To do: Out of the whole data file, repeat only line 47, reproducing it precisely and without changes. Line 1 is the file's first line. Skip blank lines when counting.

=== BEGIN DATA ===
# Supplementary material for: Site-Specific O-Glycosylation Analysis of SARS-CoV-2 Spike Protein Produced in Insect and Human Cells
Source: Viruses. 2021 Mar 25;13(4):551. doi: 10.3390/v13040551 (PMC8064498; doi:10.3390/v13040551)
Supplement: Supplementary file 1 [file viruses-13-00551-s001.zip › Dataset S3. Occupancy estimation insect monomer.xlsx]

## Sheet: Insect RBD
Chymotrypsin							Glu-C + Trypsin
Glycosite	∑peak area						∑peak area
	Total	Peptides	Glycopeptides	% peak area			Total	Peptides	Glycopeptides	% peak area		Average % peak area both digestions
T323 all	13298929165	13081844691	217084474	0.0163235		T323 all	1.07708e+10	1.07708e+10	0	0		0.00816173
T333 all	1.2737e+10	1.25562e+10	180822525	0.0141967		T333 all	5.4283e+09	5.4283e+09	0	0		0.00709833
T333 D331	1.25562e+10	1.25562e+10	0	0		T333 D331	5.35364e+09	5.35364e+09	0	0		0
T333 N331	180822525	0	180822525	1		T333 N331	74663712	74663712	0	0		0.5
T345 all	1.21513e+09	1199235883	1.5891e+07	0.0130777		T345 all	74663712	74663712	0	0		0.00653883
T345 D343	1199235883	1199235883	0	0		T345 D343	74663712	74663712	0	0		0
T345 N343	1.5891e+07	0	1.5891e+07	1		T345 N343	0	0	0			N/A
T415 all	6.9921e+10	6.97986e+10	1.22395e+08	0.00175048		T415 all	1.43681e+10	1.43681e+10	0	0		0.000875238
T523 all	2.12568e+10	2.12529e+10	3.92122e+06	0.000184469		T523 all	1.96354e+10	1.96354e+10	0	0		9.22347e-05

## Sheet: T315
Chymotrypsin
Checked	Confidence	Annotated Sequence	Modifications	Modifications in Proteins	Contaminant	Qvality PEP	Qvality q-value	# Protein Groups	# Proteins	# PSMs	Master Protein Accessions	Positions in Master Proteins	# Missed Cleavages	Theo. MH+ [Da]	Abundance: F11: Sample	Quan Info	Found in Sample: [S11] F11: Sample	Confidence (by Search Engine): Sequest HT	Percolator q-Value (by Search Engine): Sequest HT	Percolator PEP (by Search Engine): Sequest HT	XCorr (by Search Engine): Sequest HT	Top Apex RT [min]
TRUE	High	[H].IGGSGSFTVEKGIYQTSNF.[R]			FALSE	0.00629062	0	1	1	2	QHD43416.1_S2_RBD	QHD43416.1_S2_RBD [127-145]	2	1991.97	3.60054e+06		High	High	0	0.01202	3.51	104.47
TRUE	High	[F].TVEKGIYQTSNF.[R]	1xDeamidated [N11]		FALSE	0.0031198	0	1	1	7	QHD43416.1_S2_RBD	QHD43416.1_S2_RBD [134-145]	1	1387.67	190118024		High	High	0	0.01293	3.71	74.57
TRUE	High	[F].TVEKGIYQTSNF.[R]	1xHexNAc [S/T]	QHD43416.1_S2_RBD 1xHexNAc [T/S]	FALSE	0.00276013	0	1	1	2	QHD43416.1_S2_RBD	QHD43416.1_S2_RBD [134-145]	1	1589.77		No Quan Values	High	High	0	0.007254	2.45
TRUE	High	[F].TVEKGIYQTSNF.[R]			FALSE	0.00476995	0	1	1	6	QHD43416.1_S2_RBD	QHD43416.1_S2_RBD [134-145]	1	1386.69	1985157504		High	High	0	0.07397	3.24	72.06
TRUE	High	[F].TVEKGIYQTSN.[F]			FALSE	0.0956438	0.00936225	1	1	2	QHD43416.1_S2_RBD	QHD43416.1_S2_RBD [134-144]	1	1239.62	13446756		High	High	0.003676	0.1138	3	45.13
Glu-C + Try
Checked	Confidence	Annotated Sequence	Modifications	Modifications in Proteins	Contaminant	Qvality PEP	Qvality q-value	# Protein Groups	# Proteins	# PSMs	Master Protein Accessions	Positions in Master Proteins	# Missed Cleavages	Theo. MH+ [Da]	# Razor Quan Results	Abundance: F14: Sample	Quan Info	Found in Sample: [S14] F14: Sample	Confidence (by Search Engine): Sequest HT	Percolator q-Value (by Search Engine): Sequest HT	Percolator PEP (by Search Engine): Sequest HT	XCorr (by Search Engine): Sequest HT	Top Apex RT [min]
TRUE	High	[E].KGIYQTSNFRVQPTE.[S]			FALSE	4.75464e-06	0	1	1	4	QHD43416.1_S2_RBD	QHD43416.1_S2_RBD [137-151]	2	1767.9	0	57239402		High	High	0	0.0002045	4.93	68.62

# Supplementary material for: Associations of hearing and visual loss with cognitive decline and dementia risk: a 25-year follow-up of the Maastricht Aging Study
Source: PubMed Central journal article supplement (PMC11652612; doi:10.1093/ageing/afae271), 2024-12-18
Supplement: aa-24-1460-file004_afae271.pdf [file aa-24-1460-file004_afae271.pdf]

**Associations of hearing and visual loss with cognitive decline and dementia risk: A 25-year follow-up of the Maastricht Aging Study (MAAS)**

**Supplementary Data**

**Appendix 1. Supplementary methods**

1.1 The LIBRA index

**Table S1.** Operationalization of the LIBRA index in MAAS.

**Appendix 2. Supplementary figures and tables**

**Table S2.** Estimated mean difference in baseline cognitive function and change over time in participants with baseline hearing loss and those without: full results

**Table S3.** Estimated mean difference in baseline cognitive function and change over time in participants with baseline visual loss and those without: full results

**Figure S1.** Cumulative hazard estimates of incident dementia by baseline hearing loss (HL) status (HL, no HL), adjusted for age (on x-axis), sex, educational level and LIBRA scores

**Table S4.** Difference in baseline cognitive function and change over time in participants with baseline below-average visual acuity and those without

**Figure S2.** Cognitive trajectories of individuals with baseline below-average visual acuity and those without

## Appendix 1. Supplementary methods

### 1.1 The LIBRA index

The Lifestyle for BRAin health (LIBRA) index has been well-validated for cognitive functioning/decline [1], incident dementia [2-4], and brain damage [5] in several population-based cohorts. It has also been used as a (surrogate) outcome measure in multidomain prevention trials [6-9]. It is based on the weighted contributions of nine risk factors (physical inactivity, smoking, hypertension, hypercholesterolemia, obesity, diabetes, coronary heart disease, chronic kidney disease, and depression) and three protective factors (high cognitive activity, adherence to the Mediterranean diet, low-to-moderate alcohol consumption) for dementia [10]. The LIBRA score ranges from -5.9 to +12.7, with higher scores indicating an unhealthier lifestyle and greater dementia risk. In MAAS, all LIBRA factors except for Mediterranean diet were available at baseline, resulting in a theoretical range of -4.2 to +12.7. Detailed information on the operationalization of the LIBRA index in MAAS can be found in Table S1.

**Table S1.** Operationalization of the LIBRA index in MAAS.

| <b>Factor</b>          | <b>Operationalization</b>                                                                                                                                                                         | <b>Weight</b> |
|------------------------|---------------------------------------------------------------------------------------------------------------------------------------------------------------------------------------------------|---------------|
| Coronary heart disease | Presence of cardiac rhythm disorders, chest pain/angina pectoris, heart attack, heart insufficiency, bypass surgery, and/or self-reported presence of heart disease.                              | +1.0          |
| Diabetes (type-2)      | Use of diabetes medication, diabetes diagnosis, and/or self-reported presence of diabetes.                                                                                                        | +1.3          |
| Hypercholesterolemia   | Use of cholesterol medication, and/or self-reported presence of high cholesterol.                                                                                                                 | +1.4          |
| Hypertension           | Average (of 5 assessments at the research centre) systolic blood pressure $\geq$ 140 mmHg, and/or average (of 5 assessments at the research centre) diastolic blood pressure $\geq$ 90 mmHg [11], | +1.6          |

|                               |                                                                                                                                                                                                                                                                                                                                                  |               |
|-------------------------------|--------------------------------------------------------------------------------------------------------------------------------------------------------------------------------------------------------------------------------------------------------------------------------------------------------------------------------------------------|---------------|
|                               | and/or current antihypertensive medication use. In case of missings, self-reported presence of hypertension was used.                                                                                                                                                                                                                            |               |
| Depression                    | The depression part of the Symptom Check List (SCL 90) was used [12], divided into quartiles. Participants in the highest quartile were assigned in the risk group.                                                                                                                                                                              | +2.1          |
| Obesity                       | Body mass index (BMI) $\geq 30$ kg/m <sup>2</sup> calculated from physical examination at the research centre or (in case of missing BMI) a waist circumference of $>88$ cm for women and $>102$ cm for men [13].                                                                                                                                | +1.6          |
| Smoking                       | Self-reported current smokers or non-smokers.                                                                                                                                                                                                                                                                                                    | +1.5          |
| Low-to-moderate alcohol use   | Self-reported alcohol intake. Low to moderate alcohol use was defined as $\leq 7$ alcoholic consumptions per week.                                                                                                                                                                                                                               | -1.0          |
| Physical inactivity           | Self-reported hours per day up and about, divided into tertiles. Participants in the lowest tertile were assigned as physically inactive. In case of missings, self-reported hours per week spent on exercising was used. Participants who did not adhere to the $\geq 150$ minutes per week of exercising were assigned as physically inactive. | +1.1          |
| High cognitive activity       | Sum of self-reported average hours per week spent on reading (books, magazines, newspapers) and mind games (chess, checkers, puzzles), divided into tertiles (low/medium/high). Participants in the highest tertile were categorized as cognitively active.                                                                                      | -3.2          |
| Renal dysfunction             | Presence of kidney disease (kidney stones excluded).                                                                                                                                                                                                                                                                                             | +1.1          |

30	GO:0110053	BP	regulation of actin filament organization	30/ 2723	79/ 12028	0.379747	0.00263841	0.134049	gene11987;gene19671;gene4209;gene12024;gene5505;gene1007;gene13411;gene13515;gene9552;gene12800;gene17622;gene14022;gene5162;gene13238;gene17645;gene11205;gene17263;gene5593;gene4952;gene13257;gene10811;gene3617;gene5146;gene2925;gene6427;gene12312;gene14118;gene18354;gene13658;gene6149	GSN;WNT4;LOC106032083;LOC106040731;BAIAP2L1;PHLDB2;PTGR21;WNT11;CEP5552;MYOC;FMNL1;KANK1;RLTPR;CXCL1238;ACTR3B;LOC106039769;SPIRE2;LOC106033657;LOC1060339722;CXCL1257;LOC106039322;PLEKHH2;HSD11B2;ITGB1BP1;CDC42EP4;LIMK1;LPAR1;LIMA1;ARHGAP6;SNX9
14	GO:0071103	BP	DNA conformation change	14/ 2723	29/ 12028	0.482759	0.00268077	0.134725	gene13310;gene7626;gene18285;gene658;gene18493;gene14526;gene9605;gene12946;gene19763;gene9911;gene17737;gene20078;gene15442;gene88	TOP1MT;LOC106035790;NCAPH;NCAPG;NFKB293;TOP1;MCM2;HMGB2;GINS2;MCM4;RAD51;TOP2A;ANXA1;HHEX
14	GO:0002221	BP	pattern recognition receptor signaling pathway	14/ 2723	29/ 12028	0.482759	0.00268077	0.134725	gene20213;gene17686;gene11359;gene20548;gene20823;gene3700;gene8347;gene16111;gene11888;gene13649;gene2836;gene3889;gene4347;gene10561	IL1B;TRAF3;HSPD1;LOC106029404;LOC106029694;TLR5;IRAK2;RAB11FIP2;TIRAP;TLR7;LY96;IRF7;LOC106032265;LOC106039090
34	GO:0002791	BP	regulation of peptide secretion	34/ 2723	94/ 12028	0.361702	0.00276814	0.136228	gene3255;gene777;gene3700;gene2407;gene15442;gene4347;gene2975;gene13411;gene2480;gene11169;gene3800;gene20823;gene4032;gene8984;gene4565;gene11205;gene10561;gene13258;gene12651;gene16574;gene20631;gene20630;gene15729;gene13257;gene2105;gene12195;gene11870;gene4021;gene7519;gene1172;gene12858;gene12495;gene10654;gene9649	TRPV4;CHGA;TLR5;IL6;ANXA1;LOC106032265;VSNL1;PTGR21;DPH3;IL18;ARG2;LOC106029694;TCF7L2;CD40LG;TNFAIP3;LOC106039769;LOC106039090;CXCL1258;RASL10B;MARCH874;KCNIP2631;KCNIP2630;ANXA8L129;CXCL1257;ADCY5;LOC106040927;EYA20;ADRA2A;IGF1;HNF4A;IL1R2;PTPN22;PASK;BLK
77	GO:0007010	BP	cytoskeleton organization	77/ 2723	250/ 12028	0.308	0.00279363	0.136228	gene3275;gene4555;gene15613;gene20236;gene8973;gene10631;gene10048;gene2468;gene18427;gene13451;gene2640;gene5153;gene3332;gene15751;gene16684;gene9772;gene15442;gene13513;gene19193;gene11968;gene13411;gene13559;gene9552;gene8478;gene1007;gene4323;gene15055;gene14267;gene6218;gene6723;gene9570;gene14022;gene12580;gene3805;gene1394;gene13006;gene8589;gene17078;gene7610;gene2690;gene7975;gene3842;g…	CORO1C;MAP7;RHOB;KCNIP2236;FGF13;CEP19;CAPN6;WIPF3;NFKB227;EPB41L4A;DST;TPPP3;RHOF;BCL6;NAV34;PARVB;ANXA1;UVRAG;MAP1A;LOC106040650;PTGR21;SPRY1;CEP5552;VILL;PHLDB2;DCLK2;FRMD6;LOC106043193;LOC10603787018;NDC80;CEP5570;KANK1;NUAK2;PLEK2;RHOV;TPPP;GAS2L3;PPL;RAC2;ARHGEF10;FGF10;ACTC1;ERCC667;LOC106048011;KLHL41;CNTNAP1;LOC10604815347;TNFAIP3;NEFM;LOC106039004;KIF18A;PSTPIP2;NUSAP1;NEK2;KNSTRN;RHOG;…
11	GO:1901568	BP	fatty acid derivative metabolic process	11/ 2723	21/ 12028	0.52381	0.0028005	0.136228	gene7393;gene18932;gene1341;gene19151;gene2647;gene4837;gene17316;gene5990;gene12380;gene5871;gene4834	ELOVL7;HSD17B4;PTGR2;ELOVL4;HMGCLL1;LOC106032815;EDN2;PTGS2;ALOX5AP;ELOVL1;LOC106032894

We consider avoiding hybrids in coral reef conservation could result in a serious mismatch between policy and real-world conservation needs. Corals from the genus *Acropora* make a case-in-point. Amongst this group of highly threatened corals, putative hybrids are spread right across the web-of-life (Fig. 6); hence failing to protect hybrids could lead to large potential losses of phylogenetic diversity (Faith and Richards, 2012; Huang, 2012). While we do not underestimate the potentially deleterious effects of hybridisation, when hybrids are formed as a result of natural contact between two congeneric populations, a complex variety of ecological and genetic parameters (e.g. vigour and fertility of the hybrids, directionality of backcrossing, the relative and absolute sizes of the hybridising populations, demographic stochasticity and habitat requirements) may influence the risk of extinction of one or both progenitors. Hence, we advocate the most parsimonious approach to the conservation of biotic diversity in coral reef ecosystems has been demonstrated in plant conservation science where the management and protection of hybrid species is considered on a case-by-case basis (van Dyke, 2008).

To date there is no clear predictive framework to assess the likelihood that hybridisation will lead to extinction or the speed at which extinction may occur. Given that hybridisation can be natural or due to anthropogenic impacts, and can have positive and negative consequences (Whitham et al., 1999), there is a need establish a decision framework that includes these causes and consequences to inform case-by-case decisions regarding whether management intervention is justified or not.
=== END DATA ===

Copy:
|------------------------|---------------------------------------------------------------------------------------------------------------------------------------------------------------------------------------------------|---------------|